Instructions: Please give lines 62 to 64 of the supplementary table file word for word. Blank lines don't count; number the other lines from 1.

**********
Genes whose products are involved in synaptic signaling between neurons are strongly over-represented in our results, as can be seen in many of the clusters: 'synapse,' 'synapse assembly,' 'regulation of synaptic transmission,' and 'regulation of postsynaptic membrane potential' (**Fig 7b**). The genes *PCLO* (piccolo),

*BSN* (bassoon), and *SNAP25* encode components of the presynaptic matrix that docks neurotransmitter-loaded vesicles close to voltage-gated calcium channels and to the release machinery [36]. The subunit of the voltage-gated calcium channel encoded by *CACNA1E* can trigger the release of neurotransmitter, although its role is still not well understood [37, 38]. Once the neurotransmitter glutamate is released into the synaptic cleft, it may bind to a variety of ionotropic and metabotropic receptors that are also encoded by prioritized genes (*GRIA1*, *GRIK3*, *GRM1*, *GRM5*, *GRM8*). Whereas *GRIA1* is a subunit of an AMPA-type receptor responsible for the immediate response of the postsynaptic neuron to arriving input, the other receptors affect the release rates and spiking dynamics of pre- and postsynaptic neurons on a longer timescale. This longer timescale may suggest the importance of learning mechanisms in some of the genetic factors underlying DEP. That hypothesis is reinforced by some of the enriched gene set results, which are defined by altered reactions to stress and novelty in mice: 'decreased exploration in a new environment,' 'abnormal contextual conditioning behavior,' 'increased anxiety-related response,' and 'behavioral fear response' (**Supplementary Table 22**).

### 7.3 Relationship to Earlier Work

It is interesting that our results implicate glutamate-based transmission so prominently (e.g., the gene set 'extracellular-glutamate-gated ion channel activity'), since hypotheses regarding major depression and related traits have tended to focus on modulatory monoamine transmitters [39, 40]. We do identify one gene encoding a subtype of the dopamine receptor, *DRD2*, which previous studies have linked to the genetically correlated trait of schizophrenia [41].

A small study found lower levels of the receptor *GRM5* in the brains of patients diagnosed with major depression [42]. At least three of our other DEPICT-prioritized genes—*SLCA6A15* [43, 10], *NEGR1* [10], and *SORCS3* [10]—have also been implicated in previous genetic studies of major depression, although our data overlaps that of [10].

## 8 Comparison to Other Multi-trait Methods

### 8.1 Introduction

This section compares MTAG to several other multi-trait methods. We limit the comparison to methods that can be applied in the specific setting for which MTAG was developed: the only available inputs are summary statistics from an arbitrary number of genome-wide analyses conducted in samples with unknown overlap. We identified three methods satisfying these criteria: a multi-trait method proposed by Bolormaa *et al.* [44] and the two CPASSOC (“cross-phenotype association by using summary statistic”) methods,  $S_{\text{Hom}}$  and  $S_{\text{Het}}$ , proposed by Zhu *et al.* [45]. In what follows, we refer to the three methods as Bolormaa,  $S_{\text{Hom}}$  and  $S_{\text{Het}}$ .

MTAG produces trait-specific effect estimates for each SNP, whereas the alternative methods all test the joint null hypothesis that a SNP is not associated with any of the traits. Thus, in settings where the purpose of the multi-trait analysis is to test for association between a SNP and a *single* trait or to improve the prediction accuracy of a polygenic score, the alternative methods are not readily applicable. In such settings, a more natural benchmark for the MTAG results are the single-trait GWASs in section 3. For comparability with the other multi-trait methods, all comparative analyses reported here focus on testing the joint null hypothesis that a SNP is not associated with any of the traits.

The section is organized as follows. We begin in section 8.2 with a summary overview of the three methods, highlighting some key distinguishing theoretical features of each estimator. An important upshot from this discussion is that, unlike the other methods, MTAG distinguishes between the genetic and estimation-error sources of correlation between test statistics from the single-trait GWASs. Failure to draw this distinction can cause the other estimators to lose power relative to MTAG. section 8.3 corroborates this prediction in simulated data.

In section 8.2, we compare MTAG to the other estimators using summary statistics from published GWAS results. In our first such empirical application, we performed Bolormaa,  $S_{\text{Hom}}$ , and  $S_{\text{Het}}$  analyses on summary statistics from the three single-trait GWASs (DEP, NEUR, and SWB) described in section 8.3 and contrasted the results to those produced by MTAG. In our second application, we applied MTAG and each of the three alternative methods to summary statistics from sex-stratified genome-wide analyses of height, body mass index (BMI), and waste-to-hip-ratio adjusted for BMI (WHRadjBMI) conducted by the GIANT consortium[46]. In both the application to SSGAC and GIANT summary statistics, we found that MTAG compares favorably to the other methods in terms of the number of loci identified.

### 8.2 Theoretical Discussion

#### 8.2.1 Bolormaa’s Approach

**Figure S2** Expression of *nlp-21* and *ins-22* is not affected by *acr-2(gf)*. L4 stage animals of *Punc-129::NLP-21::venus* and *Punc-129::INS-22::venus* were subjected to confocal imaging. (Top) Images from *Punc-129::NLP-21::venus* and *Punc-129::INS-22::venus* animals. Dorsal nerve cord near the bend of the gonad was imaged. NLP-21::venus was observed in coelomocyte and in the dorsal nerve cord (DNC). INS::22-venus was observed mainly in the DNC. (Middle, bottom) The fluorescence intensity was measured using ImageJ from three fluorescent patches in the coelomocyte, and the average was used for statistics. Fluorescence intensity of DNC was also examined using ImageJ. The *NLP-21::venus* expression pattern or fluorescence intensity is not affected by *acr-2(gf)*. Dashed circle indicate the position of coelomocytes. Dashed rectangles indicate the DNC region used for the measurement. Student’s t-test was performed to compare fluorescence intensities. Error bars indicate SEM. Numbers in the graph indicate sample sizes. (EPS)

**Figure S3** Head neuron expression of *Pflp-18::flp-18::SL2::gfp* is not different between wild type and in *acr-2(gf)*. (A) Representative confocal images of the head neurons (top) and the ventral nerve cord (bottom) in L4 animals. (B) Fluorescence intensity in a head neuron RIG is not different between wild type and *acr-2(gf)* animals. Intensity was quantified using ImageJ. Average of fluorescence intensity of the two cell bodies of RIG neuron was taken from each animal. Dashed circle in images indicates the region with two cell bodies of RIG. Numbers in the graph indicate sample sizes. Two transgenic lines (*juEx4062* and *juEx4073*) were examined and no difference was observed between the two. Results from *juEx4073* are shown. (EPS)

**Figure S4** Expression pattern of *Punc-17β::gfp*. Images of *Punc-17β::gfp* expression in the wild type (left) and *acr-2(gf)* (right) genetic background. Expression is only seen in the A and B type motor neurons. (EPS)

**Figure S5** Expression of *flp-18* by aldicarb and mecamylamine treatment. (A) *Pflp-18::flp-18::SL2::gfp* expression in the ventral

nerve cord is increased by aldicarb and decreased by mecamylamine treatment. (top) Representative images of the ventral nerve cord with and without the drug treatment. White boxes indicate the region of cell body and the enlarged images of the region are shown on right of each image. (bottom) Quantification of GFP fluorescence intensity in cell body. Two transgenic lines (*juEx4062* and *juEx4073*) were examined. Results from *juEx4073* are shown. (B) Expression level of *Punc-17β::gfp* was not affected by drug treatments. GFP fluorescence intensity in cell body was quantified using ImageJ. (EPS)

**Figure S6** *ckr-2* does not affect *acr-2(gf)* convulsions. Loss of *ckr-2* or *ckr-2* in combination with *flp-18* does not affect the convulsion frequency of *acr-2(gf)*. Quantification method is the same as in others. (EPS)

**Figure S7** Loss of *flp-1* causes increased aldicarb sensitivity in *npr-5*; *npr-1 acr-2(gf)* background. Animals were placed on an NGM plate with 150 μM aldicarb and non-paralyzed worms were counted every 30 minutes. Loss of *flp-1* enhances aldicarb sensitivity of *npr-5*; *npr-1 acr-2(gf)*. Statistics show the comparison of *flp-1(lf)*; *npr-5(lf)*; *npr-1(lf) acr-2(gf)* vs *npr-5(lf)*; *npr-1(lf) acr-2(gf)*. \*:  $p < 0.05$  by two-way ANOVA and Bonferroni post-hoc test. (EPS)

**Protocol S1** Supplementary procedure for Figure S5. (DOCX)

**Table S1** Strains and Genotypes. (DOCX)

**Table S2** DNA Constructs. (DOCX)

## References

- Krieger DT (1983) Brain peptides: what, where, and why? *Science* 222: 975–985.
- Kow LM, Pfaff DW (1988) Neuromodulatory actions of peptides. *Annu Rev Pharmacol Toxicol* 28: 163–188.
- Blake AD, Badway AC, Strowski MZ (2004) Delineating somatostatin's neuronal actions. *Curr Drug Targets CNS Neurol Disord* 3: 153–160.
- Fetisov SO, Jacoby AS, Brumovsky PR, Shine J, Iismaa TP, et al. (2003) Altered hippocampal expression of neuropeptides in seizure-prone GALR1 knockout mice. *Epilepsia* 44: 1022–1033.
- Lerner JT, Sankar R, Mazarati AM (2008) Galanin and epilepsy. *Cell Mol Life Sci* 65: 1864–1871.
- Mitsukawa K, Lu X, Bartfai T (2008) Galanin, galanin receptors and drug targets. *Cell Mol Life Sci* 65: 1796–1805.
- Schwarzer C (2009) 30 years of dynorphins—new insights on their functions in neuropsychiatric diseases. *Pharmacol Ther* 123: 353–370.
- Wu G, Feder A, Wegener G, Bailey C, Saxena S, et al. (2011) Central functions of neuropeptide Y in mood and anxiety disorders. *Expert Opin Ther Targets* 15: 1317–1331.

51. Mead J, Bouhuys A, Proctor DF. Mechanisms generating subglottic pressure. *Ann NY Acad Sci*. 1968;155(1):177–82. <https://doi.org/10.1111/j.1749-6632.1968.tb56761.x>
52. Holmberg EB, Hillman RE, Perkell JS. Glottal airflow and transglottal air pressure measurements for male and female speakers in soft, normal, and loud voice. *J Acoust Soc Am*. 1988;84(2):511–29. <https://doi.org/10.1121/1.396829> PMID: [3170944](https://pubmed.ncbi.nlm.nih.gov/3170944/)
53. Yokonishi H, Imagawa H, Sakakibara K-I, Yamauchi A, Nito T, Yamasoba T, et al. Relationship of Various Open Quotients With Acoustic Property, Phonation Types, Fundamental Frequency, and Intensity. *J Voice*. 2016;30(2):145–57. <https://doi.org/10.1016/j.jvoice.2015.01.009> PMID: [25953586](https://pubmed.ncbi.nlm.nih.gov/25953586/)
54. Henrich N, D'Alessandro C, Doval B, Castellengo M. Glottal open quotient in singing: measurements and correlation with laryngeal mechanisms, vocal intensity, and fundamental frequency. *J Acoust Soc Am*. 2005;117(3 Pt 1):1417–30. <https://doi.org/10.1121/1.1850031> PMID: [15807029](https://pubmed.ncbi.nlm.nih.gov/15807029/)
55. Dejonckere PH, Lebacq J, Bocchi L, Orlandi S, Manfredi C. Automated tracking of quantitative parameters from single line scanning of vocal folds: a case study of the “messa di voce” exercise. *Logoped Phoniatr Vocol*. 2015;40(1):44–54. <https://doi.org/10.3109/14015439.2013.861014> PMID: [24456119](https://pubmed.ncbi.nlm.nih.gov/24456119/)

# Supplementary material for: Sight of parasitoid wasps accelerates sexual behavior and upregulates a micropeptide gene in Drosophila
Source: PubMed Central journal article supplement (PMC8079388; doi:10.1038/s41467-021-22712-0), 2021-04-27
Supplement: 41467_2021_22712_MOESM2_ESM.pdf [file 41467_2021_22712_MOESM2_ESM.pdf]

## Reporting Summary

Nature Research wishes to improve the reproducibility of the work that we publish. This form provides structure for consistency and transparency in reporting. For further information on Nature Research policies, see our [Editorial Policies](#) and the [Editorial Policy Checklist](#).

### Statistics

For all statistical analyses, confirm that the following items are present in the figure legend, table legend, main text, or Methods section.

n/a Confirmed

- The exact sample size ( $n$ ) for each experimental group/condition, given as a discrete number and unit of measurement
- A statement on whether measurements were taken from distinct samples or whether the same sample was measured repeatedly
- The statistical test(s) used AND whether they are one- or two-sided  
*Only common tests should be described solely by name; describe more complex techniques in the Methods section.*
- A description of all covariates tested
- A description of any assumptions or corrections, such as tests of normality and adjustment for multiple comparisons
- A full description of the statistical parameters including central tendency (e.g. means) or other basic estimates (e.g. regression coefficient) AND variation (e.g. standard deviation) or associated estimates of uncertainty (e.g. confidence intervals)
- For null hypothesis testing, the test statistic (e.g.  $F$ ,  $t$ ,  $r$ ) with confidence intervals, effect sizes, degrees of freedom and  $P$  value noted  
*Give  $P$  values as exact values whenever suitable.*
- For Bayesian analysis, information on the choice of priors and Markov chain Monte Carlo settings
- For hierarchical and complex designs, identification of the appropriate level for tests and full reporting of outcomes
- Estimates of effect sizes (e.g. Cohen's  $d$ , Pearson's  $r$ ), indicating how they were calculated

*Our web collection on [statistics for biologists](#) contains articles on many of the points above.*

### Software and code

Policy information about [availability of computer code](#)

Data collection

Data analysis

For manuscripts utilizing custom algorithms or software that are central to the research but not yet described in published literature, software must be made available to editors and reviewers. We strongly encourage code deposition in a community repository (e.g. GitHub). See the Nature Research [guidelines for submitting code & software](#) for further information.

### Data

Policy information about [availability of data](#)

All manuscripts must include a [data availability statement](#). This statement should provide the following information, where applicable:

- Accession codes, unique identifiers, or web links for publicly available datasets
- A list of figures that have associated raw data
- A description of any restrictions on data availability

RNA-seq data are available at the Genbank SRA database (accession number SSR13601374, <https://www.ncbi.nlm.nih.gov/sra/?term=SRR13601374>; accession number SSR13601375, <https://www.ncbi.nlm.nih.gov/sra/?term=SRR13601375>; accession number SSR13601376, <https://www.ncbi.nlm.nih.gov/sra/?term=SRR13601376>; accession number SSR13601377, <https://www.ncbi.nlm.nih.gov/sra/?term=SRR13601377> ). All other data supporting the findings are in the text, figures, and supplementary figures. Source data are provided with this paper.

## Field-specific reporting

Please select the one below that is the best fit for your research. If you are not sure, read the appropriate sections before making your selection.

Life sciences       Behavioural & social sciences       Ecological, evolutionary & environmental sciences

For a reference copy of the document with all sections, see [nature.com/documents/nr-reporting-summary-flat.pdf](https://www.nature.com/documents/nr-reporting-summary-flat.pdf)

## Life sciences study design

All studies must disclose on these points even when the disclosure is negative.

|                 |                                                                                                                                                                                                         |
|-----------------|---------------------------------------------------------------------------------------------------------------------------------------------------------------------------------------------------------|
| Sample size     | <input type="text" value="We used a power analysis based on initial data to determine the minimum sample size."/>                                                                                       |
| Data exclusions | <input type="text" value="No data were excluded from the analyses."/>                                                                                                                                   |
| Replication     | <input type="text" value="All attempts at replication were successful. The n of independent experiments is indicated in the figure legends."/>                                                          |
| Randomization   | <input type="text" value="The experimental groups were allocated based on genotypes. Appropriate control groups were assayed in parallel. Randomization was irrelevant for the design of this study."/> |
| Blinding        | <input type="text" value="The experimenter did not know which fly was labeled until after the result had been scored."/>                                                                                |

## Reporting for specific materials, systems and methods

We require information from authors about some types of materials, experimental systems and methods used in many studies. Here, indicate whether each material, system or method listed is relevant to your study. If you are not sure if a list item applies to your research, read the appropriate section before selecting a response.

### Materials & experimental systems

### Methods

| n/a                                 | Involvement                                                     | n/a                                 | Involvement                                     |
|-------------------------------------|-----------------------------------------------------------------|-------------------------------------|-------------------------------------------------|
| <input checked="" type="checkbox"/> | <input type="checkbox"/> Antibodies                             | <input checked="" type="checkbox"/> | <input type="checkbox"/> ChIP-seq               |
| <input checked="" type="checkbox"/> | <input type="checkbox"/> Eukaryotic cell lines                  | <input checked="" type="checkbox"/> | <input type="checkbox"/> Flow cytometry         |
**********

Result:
Data analysis

For manuscripts utilizing custom algorithms or software that are central to the research but not yet described in published literature, software must be made available to editors and reviewers. We strongly encourage code deposition in a community repository (e.g. GitHub). See the Nature Research [guidelines for submitting code & software](#) for further information.

### Data